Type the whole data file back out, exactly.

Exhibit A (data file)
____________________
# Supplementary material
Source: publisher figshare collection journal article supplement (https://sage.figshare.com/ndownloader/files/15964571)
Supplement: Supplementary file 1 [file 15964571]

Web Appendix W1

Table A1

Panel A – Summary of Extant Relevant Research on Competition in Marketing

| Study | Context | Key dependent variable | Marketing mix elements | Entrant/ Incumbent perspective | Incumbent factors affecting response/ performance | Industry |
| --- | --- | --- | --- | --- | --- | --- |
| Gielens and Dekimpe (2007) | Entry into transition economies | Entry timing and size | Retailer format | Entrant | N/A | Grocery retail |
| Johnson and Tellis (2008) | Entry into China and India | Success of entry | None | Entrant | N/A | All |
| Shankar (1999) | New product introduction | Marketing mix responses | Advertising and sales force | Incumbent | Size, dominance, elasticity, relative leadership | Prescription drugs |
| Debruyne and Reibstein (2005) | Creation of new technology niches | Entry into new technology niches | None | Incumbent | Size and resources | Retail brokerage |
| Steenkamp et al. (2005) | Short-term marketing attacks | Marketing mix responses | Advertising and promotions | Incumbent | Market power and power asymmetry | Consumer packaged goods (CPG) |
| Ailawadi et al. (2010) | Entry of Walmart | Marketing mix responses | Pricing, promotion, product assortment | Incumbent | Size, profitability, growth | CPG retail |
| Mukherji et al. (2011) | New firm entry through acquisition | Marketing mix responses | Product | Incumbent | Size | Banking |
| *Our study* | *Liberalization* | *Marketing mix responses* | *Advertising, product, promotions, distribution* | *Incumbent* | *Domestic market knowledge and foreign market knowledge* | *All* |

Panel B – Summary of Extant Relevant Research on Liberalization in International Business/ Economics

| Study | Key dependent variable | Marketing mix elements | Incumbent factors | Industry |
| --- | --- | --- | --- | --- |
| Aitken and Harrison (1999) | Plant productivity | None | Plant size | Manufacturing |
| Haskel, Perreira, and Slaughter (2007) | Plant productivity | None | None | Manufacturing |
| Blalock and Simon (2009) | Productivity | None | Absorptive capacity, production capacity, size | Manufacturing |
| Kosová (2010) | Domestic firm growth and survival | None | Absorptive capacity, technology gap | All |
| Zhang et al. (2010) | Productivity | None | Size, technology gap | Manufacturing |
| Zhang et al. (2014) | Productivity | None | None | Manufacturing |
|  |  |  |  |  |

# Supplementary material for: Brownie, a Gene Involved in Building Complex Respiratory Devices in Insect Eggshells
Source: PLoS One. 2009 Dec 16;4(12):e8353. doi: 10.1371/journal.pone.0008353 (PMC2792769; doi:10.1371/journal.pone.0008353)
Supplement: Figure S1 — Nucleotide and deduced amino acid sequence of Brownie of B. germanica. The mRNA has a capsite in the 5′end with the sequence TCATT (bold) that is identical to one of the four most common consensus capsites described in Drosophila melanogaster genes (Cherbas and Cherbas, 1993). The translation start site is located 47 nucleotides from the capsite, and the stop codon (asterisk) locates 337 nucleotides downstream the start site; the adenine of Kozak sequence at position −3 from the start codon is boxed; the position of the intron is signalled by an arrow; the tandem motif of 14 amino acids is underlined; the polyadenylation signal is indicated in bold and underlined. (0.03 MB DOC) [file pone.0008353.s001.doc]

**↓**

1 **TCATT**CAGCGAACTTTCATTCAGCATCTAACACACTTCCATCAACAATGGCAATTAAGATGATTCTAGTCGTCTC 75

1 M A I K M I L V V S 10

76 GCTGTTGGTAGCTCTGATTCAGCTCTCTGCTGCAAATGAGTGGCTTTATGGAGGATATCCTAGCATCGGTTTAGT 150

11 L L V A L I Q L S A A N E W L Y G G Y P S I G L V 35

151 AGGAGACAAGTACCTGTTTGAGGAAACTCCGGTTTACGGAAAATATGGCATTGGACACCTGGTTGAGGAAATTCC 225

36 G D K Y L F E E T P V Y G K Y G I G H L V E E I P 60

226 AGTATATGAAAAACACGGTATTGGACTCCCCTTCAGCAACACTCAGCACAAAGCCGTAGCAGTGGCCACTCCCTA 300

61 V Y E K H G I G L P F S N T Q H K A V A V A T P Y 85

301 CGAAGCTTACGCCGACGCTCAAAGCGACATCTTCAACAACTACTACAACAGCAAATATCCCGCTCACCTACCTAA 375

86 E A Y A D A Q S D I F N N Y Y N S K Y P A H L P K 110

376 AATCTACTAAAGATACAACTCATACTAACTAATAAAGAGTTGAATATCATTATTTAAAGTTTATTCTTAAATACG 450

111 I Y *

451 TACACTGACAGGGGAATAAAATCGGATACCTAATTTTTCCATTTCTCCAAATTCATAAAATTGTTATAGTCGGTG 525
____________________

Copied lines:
# Supplementary material
Source: publisher figshare collection journal article supplement (https://sage.figshare.com/ndownloader/files/15964571)
Supplement: Supplementary file 1 [file 15964571]

Web Appendix W1

Table A1

Panel A – Summary of Extant Relevant Research on Competition in Marketing

| Study | Context | Key dependent variable | Marketing mix elements | Entrant/ Incumbent perspective | Incumbent factors affecting response/ performance | Industry |
| --- | --- | --- | --- | --- | --- | --- |
| Gielens and Dekimpe (2007) | Entry into transition economies | Entry timing and size | Retailer format | Entrant | N/A | Grocery retail |
| Johnson and Tellis (2008) | Entry into China and India | Success of entry | None | Entrant | N/A | All |
| Shankar (1999) | New product introduction | Marketing mix responses | Advertising and sales force | Incumbent | Size, dominance, elasticity, relative leadership | Prescription drugs |
| Debruyne and Reibstein (2005) | Creation of new technology niches | Entry into new technology niches | None | Incumbent | Size and resources | Retail brokerage |
| Steenkamp et al. (2005) | Short-term marketing attacks | Marketing mix responses | Advertising and promotions | Incumbent | Market power and power asymmetry | Consumer packaged goods (CPG) |
| Ailawadi et al. (2010) | Entry of Walmart | Marketing mix responses | Pricing, promotion, product assortment | Incumbent | Size, profitability, growth | CPG retail |
| Mukherji et al. (2011) | New firm entry through acquisition | Marketing mix responses | Product | Incumbent | Size | Banking |
| *Our study* | *Liberalization* | *Marketing mix responses* | *Advertising, product, promotions, distribution* | *Incumbent* | *Domestic market knowledge and foreign market knowledge* | *All* |

Panel B – Summary of Extant Relevant Research on Liberalization in International Business/ Economics

| Study | Key dependent variable | Marketing mix elements | Incumbent factors | Industry |
| --- | --- | --- | --- | --- |
| Aitken and Harrison (1999) | Plant productivity | None | Plant size | Manufacturing |
| Haskel, Perreira, and Slaughter (2007) | Plant productivity | None | None | Manufacturing |
| Blalock and Simon (2009) | Productivity | None | Absorptive capacity, production capacity, size | Manufacturing |
| Kosová (2010) | Domestic firm growth and survival | None | Absorptive capacity, technology gap | All |
| Zhang et al. (2010) | Productivity | None | Size, technology gap | Manufacturing |
| Zhang et al. (2014) | Productivity | None | None | Manufacturing |
|  |  |  |  |  |

# Supplementary material for: Brownie, a Gene Involved in Building Complex Respiratory Devices in Insect Eggshells
Source: PLoS One. 2009 Dec 16;4(12):e8353. doi: 10.1371/journal.pone.0008353 (PMC2792769; doi:10.1371/journal.pone.0008353)
Supplement: Figure S1 — Nucleotide and deduced amino acid sequence of Brownie of B. germanica. The mRNA has a capsite in the 5′end with the sequence TCATT (bold) that is identical to one of the four most common consensus capsites described in Drosophila melanogaster genes (Cherbas and Cherbas, 1993). The translation start site is located 47 nucleotides from the capsite, and the stop codon (asterisk) locates 337 nucleotides downstream the start site; the adenine of Kozak sequence at position −3 from the start codon is boxed; the position of the intron is signalled by an arrow; the tandem motif of 14 amino acids is underlined; the polyadenylation signal is indicated in bold and underlined. (0.03 MB DOC) [file pone.0008353.s001.doc]

**↓**

1 **TCATT**CAGCGAACTTTCATTCAGCATCTAACACACTTCCATCAACAATGGCAATTAAGATGATTCTAGTCGTCTC 75

1 M A I K M I L V V S 10

76 GCTGTTGGTAGCTCTGATTCAGCTCTCTGCTGCAAATGAGTGGCTTTATGGAGGATATCCTAGCATCGGTTTAGT 150

11 L L V A L I Q L S A A N E W L Y G G Y P S I G L V 35

151 AGGAGACAAGTACCTGTTTGAGGAAACTCCGGTTTACGGAAAATATGGCATTGGACACCTGGTTGAGGAAATTCC 225

36 G D K Y L F E E T P V Y G K Y G I G H L V E E I P 60

226 AGTATATGAAAAACACGGTATTGGACTCCCCTTCAGCAACACTCAGCACAAAGCCGTAGCAGTGGCCACTCCCTA 300

61 V Y E K H G I G L P F S N T Q H K A V A V A T P Y 85

301 CGAAGCTTACGCCGACGCTCAAAGCGACATCTTCAACAACTACTACAACAGCAAATATCCCGCTCACCTACCTAA 375

86 E A Y A D A Q S D I F N N Y Y N S K Y P A H L P K 110

376 AATCTACTAAAGATACAACTCATACTAACTAATAAAGAGTTGAATATCATTATTTAAAGTTTATTCTTAAATACG 450

111 I Y *

451 TACACTGACAGGGGAATAAAATCGGATACCTAATTTTTCCATTTCTCCAAATTCATAAAATTGTTATAGTCGGTG 525